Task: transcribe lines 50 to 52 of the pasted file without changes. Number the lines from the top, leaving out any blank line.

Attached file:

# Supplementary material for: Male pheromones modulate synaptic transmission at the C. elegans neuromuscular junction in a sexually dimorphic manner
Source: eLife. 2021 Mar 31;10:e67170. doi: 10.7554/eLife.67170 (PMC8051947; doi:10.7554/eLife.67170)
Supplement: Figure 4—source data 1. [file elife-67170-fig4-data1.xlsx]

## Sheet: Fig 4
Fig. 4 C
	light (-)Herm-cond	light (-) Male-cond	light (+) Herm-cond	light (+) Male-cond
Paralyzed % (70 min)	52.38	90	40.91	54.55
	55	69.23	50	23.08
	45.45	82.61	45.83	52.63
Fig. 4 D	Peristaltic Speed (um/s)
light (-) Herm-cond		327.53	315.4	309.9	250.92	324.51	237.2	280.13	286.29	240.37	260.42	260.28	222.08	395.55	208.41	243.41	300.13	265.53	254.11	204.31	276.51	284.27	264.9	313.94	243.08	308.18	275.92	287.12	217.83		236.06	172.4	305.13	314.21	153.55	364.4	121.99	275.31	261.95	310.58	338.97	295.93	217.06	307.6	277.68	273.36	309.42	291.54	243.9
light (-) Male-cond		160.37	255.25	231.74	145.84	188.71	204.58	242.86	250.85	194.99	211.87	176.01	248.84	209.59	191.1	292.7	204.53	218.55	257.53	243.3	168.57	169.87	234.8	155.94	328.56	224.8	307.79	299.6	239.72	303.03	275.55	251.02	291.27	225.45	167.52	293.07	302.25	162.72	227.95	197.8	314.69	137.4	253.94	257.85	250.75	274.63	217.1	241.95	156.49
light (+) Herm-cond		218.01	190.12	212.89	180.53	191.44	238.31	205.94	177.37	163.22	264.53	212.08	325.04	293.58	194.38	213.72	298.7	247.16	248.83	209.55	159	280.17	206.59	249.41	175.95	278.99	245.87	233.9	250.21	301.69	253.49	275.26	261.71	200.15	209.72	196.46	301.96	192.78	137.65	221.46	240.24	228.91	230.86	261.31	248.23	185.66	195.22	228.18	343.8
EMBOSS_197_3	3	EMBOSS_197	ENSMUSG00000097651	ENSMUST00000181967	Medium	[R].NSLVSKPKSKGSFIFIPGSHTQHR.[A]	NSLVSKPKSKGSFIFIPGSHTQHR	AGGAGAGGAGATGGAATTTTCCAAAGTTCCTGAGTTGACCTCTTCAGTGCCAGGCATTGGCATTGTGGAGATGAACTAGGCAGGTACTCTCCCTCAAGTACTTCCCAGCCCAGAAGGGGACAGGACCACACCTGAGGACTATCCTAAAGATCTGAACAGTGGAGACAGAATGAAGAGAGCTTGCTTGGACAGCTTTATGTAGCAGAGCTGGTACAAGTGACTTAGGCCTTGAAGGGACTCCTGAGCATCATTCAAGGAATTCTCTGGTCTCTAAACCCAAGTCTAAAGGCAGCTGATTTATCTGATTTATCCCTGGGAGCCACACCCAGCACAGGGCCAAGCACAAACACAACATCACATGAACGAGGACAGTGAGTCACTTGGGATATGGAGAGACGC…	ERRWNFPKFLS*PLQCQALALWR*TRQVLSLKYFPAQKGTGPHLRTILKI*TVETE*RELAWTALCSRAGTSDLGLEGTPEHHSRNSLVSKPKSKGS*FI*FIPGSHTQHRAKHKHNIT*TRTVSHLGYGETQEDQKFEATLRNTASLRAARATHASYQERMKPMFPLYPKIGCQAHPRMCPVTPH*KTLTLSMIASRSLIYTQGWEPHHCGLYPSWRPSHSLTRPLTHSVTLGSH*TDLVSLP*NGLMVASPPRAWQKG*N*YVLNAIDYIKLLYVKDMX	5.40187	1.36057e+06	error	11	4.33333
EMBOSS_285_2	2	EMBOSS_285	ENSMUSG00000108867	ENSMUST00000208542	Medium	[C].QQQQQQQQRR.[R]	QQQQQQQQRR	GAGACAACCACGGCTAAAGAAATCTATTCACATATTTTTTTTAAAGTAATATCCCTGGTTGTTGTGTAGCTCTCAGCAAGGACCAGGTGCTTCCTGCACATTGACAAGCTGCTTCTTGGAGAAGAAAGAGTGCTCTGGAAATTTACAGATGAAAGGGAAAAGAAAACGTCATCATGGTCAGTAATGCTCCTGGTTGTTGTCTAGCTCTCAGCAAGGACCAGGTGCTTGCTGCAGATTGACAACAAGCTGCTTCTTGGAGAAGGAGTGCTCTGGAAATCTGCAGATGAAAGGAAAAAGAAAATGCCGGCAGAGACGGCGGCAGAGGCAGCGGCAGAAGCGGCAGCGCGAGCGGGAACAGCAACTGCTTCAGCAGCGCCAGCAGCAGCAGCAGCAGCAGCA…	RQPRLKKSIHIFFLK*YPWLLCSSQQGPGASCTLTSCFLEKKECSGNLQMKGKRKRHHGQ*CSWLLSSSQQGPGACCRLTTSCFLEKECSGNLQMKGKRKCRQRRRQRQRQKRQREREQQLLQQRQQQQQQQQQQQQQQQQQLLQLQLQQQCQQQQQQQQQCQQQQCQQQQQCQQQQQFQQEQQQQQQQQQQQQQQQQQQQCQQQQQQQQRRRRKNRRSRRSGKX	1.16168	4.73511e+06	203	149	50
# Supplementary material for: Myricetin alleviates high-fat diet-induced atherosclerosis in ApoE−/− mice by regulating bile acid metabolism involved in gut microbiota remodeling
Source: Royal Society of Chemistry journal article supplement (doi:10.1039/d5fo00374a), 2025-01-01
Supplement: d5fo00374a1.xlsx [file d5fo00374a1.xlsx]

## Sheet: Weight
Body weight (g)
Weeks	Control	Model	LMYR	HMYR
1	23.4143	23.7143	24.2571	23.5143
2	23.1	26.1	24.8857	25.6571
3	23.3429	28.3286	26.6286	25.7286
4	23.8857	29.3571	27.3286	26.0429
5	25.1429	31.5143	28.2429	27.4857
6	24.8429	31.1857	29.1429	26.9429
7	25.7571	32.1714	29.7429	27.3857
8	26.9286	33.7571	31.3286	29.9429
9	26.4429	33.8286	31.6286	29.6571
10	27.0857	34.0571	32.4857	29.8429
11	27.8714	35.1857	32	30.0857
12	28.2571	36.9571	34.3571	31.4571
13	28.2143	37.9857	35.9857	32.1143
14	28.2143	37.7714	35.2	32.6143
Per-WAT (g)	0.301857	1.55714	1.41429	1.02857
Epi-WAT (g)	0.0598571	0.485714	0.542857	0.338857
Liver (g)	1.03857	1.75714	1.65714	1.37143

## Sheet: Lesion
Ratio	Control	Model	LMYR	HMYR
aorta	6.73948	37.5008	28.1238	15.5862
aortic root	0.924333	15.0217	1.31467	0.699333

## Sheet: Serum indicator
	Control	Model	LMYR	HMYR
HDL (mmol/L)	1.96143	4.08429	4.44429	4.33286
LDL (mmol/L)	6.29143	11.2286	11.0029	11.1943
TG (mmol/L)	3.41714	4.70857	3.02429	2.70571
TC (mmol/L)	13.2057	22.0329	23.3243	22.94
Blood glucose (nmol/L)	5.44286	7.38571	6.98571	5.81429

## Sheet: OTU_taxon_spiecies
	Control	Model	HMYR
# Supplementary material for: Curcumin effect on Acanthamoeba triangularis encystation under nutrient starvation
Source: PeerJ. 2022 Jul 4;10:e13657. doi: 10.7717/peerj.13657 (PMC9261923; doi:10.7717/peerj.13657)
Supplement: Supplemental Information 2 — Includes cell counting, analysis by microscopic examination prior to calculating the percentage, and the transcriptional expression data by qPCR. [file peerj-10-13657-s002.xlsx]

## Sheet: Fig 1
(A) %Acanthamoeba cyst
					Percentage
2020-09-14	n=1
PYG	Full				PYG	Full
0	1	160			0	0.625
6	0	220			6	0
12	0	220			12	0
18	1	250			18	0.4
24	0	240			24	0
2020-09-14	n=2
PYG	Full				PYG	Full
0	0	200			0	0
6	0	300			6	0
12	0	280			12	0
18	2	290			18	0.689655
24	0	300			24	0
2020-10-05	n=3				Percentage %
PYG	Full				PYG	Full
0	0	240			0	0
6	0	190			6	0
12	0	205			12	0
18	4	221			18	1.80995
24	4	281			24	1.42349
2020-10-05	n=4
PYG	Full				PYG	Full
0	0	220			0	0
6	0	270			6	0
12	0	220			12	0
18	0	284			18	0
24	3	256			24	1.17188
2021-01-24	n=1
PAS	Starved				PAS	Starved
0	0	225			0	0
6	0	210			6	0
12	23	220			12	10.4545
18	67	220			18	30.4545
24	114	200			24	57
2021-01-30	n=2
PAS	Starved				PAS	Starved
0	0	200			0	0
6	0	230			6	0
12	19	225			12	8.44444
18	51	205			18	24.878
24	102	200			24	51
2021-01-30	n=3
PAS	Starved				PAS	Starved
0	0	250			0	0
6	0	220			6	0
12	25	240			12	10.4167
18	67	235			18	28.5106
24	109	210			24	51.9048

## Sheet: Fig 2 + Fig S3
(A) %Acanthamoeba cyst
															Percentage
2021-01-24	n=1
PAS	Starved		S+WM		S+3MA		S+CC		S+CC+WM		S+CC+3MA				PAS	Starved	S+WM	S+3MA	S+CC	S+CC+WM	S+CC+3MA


## Sheet: OTU_taxon_spiecies
	Control	Model	HMYR
# Supplementary material for: Curcumin effect on Acanthamoeba triangularis encystation under nutrient starvation